Group B Strep during Pregnancy

What is group B strep?

Group B strep is an infection caused by a type of bacteria called beta strep, group B streptococcus, or GBS. Group B strep is different from the bacteria that cause strep throat.

If you are pregnant and infected with beta strep, your baby could get infected and very sick.

What is the cause?

GBS bacteria often live in the mouth, intestines, bladder, vagina, and rectum. The bacteria are usually harmless for adults. Sometimes the bacteria cause an infection in the uterus, bladder, or kidneys, or, rarely, in the brain. This is more likely if you have diabetes or liver disease.

A baby can get infected during labor and delivery.

What are the symptoms?

Most pregnant women infected with GBS have no symptoms of infection. When the infection does cause symptoms, they may include:

  • Fever
  • Painful, bloody, frequent, or urgent urination

If your baby is infected, symptoms may include:

  • Fever
  • Trouble breathing

How is it diagnosed?

GBS can be found by testing urine or fluid from the cervix, vagina, or rectum.

If you are pregnant, you should have a GBS test:

  • In the 35th to 37th weeks of pregnancy
  • If you have premature rupture of the membranes (water breaking before 37 weeks of pregnancy)
  • If you have a fever during labor
  • If you have symptoms such as painful, bloody, or frequent urination

You will also have a GBS test when you go to the hospital to deliver your baby.

How is it treated?

If the bacteria are causing an infection in the uterus, bladder, kidneys, or brain, you may be treated with an antibiotic.

If you are pregnant and the GBS test is positive but you have no signs of an active infection, you will probably not be treated with antibiotics until you are in labor. Treatment with IV antibiotics during labor is usually very effective. Babies rarely develop the serious problems of GBS infection with this treatment.

If your test results are negative, you may be given IV antibiotics during labor if you have risk factors, such as:

  • Preterm labor (labor that starts before 37 weeks of pregnancy)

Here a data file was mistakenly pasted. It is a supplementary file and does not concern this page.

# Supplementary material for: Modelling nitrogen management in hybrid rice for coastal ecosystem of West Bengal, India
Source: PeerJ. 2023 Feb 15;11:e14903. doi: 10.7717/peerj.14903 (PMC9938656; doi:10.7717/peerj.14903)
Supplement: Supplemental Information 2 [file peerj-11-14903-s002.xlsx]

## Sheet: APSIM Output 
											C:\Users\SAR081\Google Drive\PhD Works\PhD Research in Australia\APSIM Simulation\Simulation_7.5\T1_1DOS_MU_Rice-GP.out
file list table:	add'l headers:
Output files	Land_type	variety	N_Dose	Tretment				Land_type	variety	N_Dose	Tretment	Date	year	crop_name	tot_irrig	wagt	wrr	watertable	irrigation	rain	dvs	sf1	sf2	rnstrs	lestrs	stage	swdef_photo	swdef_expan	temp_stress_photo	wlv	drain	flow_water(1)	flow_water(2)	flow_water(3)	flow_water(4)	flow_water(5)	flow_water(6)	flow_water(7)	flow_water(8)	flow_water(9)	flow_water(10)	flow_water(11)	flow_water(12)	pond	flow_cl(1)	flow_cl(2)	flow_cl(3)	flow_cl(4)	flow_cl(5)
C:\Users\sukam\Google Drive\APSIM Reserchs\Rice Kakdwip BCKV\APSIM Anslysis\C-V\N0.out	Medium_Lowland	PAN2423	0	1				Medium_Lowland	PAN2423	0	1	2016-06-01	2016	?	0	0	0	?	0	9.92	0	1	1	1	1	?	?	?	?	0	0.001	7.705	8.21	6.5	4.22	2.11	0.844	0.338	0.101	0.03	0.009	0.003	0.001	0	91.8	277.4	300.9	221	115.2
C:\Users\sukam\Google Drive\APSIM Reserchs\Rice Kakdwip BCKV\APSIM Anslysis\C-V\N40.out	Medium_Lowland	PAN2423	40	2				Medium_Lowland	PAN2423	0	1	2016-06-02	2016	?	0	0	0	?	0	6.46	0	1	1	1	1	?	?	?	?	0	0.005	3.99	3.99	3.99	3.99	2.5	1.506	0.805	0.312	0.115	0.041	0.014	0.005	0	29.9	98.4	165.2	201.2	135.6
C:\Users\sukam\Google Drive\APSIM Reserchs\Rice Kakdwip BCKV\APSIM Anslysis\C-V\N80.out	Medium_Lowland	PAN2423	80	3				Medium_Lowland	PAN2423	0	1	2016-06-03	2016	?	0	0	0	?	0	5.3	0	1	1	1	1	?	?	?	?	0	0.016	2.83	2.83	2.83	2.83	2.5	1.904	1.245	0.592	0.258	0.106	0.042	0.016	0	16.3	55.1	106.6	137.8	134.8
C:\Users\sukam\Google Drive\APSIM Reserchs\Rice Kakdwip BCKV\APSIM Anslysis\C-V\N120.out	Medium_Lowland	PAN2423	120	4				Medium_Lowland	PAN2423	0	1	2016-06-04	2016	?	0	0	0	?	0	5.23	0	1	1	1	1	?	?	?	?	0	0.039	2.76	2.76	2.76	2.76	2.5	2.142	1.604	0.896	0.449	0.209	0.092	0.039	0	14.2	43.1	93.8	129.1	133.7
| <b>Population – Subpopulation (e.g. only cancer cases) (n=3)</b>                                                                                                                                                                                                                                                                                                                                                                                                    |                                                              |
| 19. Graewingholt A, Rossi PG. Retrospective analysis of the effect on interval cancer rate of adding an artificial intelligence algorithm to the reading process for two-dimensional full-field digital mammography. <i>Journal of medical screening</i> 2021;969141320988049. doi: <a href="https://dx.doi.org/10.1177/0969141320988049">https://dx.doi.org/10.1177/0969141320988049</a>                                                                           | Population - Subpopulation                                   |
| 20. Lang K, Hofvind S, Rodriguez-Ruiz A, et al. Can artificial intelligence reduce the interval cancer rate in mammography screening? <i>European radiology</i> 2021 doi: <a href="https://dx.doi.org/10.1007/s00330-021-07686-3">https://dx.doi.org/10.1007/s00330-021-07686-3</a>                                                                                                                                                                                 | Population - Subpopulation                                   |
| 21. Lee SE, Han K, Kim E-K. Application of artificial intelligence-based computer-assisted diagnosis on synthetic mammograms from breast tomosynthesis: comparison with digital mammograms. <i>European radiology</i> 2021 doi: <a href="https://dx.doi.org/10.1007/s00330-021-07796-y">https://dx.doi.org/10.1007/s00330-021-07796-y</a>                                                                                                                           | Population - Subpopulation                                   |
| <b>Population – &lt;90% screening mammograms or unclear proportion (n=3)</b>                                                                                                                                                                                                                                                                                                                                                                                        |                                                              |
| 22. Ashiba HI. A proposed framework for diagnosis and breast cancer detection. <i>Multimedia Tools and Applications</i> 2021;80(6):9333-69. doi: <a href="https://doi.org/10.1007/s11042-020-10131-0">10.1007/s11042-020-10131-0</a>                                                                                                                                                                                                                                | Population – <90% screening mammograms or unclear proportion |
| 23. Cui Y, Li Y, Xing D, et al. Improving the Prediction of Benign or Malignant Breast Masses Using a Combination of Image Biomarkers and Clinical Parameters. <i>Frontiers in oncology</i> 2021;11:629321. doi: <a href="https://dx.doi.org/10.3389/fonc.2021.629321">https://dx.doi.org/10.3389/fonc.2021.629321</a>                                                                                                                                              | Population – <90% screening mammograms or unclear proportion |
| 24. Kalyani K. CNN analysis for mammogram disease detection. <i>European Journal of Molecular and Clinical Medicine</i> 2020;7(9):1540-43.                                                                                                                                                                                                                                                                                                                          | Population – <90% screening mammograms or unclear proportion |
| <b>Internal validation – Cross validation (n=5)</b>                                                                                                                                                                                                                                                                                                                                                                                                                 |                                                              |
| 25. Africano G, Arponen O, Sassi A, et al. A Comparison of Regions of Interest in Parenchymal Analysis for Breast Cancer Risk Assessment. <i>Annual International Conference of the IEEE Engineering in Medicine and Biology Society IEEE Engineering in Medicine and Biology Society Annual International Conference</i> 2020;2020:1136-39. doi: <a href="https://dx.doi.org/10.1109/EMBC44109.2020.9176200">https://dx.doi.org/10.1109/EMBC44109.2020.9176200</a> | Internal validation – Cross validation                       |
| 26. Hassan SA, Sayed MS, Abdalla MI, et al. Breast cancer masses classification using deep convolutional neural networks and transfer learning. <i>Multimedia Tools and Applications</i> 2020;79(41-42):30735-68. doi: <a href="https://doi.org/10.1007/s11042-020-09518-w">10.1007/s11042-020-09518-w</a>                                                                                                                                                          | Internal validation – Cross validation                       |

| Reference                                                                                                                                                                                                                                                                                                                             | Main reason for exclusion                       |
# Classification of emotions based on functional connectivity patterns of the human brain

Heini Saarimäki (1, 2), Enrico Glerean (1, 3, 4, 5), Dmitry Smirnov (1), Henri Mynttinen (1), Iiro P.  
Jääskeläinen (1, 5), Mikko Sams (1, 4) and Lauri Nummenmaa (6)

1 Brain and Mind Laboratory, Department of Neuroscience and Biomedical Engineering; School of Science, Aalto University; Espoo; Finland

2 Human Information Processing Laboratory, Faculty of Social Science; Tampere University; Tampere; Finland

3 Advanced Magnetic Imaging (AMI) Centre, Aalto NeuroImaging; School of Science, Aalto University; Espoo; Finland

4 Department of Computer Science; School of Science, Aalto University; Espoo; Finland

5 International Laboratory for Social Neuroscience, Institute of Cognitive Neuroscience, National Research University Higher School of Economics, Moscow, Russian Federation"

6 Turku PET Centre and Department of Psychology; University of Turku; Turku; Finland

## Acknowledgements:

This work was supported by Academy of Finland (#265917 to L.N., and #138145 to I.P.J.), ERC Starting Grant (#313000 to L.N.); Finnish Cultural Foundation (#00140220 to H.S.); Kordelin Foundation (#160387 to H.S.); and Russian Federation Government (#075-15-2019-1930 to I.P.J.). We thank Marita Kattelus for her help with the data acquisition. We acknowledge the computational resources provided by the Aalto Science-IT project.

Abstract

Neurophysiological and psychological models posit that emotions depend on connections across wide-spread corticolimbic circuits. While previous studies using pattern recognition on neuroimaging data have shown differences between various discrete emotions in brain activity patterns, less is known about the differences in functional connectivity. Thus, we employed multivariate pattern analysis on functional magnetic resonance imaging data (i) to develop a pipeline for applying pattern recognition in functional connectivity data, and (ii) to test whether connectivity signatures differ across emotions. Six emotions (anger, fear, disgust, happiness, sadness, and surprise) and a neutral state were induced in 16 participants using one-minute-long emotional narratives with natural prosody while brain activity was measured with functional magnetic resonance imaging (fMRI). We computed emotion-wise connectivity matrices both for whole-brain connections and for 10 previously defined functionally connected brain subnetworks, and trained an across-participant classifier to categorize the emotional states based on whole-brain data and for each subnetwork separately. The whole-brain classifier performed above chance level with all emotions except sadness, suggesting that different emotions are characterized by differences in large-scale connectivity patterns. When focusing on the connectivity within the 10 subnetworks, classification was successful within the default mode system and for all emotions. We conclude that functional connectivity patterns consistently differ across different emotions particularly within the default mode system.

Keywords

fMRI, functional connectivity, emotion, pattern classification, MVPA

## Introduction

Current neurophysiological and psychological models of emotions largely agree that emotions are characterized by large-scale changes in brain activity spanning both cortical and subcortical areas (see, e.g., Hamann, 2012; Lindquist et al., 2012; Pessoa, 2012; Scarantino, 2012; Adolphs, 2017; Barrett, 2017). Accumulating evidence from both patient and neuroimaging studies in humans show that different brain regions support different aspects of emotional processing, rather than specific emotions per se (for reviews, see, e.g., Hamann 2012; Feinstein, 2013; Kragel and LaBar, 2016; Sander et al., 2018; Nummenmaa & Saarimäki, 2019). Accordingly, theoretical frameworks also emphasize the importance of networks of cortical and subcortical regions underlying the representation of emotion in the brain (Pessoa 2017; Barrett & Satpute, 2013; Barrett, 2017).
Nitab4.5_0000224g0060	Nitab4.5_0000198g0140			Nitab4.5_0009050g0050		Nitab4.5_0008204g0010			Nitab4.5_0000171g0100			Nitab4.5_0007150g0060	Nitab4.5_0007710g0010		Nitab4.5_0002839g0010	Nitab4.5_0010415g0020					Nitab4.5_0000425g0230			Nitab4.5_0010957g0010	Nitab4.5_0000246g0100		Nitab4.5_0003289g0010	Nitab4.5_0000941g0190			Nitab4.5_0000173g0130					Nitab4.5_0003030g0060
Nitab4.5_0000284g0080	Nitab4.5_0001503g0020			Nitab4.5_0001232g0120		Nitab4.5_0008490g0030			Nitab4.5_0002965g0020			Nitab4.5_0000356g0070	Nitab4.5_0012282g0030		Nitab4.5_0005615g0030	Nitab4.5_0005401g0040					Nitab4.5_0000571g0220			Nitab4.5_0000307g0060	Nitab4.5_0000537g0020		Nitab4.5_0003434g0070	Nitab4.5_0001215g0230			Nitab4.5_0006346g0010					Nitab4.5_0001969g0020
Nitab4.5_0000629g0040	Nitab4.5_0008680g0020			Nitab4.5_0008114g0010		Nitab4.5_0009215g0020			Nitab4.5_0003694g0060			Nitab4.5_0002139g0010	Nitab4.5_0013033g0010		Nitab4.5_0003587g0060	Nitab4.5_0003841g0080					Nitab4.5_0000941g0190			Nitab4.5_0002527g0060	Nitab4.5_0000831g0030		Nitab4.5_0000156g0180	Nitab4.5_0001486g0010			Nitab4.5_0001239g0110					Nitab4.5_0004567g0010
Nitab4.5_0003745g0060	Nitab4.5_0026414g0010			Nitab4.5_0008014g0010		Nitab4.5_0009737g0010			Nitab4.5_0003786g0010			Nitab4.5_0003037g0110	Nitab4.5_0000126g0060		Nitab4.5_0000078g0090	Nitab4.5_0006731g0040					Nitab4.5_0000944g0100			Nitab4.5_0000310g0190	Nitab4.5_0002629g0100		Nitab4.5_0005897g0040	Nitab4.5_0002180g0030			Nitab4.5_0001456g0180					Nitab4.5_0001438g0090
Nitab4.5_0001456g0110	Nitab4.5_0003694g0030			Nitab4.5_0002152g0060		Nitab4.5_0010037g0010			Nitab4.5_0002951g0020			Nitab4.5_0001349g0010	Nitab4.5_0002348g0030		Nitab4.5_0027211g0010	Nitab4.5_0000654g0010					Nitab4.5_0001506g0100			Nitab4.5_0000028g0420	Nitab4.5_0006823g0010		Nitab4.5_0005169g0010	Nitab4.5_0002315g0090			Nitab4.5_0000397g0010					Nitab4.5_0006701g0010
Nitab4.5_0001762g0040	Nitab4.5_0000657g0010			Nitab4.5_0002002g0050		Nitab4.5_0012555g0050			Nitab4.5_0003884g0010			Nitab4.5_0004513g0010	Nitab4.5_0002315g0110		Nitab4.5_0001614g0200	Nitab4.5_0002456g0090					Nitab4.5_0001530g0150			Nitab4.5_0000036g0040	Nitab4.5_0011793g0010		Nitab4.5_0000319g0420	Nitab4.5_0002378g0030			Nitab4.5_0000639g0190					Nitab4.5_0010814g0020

• Premature rupture of membranes
  • Membranes ruptured for longer than 18 hours
  • A previous child with beta strep infection

If a newborn shows signs or symptoms of GBS infection, the baby will be treated with IV antibiotics and watched very closely. The baby may stay in a special intensive care unit. The infection can affect the baby’s blood, brain, spinal cord, or lungs. The baby may have long-term problems that affect hearing, vision, or learning abilities. If the infection is very serious, the baby might die.

How can I take care of myself?

Follow your healthcare provider’s instructions. Ask your provider:

  • How and when you will hear your test results
  • How long it will take to recover
  • What activities you should avoid and when you can return to your normal activities
  • How to take care of yourself at home
  • What symptoms or problems you should watch for and what to do if you have them

Make sure you know when you should come back for a checkup.

How can I help prevent GBS infection of the baby?

Getting tested for GBS and being treated with antibiotics, if needed, greatly lowers the risk that your baby will be infected with GBS.

Developed by RelayHealth.
Adult Advisor 2015.1 published by RelayHealth.
Last modified: 2014-02-02
Last reviewed: 2014-12-01
This content is reviewed periodically and is subject to change as new health information becomes available. The information is intended to inform and educate and is not a replacement for medical evaluation, advice, diagnosis or treatment by a healthcare professional.
Copyright ©1986-2015 McKesson Corporation and/or one of its subsidiaries. All rights reserved.

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